The fish, just under the surface, swam close to each other, moving calmly with just the occasional whip of their tails. I leaned over, intending to reach into the water and grab one of them, when I noticed René behind me. I didn’t know how long he’d been standing there. He nodded to me, sat down on the stairs beside me and tapped his finger on my beer.

“Do you mind?”

I handed him the can. He took a swig and gave it back to me. An old pensioner couple came into the garden. Both of them were wearing beige from head to toe. Arm in arm, they trailed their slow way through the garden, stopping every six inches. The old man scratched at the ground with his walking stick. They both looked down and giggled. Then they trailed on.

“That would do me nicely right now,” said René turning to me. “Just pension myself off here and now.”

“Pension yourself off?” I asked.

“Yeah, pension myself off,” answered René. “Do nothing except read chemists’ magazines, eat pensioners’ special offer meals, and cruise through the parks.”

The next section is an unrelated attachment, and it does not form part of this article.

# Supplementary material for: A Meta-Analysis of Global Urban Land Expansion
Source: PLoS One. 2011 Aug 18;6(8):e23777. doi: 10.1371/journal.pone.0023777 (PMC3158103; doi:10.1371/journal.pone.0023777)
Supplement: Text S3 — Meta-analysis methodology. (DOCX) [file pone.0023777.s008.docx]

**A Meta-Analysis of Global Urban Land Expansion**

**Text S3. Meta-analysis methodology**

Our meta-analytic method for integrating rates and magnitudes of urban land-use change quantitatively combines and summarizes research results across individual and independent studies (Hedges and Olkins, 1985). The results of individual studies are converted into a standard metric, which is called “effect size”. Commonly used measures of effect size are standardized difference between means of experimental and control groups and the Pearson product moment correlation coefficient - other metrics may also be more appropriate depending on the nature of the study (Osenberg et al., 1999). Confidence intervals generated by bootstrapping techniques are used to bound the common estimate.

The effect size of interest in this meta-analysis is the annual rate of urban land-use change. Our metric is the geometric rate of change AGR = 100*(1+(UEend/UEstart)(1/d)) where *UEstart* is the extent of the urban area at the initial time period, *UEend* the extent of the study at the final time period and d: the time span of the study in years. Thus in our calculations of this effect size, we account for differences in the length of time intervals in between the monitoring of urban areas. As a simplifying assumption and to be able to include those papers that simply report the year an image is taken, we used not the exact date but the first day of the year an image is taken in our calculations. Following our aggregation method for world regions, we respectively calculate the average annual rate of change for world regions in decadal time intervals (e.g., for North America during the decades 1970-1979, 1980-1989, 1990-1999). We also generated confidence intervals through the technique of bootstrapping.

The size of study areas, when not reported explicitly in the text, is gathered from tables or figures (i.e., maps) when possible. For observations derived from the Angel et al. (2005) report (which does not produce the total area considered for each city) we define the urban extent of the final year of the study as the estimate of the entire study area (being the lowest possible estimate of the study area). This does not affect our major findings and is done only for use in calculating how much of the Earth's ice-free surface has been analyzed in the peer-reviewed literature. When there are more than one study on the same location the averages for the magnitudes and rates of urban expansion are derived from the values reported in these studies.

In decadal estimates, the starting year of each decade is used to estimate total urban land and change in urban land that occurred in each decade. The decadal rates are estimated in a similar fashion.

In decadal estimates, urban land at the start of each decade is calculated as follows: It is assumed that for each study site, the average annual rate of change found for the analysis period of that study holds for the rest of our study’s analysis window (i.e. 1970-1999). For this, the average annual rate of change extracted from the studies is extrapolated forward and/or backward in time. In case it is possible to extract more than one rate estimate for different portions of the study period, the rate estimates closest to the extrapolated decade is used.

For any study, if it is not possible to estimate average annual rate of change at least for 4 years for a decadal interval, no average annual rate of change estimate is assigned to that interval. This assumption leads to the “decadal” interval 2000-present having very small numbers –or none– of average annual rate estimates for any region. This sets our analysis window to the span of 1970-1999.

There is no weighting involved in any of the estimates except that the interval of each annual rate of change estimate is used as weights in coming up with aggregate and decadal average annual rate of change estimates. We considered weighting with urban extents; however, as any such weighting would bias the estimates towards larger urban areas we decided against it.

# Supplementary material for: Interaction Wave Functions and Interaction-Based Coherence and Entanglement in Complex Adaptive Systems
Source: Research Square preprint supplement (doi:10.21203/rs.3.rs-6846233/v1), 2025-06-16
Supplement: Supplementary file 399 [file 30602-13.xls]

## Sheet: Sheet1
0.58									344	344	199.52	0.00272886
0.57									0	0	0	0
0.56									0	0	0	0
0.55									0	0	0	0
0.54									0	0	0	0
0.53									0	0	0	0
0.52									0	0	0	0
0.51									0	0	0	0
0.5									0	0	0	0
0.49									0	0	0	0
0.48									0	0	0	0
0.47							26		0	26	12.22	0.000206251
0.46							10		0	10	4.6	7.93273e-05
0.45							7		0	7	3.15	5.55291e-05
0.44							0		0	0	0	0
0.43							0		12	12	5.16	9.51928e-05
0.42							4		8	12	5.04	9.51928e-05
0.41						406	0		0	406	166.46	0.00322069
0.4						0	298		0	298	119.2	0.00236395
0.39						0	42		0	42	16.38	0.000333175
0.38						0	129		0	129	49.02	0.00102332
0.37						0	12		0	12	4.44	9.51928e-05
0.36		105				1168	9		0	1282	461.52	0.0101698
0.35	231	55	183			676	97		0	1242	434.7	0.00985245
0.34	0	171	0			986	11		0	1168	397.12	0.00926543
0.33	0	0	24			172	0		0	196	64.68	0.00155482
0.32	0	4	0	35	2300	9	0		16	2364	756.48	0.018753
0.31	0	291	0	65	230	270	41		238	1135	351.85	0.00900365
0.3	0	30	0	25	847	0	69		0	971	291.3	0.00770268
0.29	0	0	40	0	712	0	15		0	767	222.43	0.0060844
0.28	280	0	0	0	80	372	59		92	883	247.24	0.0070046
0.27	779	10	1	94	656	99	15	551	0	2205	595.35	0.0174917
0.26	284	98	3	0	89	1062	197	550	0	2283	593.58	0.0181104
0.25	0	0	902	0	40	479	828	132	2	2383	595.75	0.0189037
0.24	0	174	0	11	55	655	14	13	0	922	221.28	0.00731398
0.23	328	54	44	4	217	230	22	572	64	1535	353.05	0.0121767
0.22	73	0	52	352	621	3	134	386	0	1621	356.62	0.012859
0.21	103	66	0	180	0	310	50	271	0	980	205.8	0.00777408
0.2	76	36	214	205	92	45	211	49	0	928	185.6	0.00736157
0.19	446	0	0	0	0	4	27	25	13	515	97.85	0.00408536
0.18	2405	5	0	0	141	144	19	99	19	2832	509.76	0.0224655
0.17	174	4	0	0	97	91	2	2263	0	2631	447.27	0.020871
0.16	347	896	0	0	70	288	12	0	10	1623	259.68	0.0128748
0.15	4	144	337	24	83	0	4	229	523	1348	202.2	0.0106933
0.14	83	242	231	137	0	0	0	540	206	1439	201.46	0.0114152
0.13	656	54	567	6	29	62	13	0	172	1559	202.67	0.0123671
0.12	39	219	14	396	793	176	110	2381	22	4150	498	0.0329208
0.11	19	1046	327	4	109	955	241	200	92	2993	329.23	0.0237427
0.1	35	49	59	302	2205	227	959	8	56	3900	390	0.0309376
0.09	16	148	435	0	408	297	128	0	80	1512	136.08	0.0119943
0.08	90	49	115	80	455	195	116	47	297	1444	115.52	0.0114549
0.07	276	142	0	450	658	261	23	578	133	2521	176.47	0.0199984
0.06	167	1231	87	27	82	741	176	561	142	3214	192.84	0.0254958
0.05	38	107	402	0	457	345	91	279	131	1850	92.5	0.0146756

I laughed.

“Spend all week running to the doctor and sitting in the waiting room?” I asked.

“Yep,” answered René. “Get the shits when Crimewatch comes on, dream about Reader’s Digest.”

“Shoo the young people off their seats on the buses,” I enthused and took another swig of beer.

René nodded.

“Go on coach trips every six weeks,” he said.

“Chiropodists,” I shouted.

“Automatic door openers,” declared René.

“Spend the present talking about the past,” I added.

“Fango mud packs and hot-cold treatment,” said René excitedly.

I smiled and spoke grimly, “No beer after 4 o’clock.”

I handed the can to René. He drank the rest and we looked up at the grey stone tree.

“I think I’d even go into an old folk’s home for that,” mused René.

“Me too,” I proclaimed loudly. “Right here and now.”

The old couple had reached the pavilion and were sitting down on the bench. René grabbed one of the two earbuds hanging out of the top of my T-shirt and put it in his ear.

“Turn it on,” he said.

“Oh, come on,” I sighed.

“Turn it on”, he repeated.